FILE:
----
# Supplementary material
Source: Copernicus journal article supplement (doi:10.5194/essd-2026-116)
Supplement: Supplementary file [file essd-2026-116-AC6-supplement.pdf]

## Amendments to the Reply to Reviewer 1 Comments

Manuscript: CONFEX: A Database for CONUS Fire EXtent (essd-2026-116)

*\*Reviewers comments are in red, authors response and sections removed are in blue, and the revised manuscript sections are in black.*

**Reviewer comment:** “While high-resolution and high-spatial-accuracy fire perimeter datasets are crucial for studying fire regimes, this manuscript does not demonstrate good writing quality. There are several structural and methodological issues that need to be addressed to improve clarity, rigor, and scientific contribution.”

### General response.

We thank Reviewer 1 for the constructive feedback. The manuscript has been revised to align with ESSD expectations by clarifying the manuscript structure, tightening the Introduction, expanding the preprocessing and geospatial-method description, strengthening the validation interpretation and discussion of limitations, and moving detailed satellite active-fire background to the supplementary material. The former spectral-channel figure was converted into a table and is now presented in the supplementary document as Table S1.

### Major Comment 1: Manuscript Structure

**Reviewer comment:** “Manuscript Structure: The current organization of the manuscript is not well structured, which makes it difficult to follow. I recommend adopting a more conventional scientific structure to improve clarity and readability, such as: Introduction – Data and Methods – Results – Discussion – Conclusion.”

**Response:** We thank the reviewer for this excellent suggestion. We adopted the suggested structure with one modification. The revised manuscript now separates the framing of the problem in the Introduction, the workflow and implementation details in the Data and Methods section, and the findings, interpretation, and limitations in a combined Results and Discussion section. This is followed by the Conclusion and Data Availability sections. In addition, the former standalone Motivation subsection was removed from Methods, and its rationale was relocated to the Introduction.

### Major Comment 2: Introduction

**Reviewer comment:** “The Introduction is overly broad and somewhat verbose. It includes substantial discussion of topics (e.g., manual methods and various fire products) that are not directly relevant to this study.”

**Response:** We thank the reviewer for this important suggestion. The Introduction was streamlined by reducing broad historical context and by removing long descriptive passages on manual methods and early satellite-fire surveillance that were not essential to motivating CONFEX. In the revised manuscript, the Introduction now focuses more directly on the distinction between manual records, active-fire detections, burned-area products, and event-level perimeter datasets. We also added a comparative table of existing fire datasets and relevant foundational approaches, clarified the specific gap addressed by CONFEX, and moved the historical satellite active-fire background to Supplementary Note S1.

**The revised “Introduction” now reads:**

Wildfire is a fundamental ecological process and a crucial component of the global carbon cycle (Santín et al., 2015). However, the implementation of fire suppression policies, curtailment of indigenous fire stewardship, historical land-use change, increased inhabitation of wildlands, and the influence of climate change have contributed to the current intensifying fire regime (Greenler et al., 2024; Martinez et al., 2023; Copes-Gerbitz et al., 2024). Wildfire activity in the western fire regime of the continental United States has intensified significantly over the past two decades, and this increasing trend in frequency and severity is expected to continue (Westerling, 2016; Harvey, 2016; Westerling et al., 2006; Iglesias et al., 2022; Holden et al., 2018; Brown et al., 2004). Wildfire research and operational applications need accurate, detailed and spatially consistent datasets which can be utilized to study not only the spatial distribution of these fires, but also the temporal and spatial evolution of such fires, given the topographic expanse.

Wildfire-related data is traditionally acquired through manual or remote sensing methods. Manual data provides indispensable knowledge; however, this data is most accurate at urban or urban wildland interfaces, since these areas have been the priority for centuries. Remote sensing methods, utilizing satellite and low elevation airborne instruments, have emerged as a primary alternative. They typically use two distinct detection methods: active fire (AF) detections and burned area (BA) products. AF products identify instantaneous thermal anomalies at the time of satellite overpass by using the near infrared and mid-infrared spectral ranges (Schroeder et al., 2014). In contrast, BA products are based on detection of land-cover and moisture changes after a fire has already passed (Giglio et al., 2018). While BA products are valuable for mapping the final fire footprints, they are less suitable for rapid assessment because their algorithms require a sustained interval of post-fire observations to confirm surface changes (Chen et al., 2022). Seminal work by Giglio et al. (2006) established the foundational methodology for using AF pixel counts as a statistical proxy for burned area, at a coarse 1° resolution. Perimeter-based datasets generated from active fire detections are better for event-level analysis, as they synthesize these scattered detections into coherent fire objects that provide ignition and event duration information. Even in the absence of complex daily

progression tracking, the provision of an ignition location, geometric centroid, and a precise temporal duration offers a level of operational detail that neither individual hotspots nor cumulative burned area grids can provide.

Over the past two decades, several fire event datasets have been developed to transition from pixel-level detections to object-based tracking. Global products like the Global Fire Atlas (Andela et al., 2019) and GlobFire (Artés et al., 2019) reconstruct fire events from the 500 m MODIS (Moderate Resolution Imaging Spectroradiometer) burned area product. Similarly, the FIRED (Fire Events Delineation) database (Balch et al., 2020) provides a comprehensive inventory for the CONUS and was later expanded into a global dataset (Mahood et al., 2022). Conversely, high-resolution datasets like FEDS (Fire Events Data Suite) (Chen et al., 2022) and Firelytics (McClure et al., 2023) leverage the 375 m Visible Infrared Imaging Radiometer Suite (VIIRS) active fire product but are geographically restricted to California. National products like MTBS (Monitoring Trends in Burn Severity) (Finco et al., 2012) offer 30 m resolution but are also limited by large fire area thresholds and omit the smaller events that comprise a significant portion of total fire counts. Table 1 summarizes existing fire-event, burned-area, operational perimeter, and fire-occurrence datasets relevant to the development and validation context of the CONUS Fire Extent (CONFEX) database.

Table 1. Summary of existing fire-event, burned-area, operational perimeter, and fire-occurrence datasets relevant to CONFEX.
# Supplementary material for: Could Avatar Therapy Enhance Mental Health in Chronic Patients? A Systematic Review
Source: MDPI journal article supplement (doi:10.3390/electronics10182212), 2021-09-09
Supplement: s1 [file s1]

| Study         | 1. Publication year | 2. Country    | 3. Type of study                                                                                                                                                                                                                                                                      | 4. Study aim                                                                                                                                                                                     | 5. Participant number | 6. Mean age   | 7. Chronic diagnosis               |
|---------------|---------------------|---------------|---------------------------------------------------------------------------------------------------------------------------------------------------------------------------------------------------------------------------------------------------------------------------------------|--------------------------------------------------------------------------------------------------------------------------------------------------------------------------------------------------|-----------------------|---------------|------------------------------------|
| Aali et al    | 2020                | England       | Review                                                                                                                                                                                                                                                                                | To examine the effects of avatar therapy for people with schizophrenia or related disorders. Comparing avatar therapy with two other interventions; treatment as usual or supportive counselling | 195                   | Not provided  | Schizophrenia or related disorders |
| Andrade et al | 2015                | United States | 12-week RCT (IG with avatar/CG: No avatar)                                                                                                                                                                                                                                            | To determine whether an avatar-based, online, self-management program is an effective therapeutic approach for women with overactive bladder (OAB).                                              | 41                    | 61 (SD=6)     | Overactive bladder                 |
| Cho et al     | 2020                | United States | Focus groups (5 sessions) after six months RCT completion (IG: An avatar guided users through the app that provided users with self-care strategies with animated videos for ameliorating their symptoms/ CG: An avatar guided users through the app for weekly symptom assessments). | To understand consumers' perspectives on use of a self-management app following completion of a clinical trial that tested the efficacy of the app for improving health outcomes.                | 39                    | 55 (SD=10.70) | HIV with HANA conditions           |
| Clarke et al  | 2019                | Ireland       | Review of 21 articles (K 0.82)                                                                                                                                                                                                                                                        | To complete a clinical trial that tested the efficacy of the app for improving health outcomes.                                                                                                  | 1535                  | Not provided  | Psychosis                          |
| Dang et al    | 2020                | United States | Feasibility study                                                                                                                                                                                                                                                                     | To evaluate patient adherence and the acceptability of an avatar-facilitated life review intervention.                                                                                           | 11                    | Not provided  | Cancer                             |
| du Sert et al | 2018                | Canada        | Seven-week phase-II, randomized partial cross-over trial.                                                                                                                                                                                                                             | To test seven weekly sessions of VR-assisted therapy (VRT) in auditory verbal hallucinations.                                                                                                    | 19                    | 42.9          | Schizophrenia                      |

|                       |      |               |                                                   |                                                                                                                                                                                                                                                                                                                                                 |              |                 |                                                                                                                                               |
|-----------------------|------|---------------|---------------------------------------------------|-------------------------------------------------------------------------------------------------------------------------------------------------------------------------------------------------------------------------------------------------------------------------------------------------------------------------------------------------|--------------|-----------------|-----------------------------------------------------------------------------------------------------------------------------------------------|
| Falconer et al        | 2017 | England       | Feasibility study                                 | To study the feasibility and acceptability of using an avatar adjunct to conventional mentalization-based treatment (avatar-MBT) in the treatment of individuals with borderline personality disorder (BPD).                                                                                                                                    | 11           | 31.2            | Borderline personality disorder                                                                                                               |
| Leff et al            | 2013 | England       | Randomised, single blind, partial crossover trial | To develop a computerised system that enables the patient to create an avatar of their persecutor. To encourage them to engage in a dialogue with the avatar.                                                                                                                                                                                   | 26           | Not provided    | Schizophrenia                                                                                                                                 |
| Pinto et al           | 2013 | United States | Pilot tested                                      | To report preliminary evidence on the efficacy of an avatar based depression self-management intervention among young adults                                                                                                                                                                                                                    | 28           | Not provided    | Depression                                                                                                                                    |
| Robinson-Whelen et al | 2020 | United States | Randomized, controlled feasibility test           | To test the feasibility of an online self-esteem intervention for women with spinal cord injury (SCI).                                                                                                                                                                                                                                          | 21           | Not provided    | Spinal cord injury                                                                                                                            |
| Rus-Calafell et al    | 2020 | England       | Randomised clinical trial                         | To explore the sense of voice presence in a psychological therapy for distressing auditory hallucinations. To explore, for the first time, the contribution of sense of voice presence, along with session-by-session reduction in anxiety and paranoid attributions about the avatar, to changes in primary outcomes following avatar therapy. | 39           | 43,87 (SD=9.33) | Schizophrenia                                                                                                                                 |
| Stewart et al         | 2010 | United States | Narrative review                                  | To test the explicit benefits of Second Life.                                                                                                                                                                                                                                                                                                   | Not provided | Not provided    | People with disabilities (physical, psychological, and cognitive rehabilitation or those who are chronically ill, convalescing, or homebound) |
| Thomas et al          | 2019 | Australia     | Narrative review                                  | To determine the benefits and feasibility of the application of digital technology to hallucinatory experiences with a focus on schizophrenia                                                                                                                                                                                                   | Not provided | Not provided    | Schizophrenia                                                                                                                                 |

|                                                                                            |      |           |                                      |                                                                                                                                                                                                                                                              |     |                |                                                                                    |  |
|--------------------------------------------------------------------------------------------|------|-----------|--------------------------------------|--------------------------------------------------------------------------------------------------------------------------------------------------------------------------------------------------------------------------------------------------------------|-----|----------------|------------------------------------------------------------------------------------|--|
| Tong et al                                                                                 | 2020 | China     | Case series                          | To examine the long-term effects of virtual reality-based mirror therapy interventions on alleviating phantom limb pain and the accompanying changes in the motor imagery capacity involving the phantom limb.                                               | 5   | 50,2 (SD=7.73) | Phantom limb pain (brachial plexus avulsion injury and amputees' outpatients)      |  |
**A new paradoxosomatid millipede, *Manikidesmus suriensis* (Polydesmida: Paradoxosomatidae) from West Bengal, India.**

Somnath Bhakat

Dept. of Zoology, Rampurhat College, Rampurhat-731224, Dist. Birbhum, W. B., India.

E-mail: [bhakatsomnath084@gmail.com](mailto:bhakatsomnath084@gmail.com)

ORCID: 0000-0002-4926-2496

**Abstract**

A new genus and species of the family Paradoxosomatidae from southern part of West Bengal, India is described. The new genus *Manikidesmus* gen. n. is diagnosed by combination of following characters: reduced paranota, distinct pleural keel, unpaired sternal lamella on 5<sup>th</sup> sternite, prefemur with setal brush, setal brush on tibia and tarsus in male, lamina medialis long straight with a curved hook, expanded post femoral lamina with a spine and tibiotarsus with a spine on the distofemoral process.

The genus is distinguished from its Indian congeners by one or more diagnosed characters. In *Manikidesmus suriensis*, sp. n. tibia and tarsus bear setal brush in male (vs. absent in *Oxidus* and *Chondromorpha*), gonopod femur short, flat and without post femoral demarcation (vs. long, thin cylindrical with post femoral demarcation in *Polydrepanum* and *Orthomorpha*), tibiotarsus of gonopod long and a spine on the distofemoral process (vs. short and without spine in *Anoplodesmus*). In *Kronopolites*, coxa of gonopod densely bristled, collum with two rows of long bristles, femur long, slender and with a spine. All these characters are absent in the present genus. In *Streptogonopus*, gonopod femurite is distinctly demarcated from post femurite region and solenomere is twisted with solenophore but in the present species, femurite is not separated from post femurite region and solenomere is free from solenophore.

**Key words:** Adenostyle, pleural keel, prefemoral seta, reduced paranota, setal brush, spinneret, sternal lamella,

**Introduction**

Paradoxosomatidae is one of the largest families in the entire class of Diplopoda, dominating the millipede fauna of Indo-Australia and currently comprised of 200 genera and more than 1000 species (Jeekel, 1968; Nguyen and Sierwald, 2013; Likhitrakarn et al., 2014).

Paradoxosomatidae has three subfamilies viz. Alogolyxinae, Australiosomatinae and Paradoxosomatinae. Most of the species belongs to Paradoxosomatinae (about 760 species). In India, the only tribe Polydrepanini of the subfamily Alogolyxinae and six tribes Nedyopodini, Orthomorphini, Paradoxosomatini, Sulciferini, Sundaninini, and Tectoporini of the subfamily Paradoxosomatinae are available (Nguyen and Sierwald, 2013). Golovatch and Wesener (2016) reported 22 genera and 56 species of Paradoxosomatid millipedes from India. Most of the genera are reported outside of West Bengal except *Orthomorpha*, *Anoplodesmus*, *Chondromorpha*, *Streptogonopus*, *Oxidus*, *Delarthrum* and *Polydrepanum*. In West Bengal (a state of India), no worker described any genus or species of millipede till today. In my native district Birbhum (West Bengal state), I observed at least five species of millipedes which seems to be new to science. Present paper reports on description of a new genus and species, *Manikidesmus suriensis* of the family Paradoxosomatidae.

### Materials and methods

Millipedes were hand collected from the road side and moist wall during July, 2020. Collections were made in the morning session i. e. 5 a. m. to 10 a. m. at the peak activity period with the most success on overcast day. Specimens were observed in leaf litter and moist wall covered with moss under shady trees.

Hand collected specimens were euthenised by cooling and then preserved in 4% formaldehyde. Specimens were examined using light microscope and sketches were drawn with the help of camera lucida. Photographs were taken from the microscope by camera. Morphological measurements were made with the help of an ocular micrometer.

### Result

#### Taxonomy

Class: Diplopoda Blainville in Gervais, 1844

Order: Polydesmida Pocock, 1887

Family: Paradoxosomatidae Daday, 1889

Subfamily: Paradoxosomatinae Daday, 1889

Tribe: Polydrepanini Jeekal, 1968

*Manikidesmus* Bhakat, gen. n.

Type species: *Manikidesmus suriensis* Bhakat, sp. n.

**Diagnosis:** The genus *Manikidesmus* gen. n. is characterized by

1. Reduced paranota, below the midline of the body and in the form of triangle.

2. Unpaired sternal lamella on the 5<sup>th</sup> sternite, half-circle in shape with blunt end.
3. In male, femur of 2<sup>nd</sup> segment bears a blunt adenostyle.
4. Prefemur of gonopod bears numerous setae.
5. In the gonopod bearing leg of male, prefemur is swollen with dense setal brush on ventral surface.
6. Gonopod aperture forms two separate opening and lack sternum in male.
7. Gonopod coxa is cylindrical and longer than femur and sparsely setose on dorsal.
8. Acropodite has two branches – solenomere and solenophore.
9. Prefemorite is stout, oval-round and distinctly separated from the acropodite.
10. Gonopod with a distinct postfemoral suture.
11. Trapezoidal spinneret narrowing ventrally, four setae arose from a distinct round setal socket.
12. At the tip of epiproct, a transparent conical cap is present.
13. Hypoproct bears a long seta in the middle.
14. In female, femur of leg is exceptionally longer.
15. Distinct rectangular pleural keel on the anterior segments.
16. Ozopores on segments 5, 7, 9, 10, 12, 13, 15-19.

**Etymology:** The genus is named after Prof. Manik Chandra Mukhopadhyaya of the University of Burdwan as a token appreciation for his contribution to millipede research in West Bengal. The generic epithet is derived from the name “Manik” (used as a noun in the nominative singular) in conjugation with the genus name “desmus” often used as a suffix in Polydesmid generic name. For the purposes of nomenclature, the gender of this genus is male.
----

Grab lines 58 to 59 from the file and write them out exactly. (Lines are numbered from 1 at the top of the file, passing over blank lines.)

Millipedes were hand collected from the road side and moist wall during July, 2020. Collections were made in the morning session i. e. 5 a. m. to 10 a. m. at the peak activity period with the most success on overcast day. Specimens were observed in leaf litter and moist wall covered with moss under shady trees.

Hand collected specimens were euthenised by cooling and then preserved in 4% formaldehyde. Specimens were examined using light microscope and sketches were drawn with the help of camera lucida. Photographs were taken from the microscope by camera. Morphological measurements were made with the help of an ocular micrometer.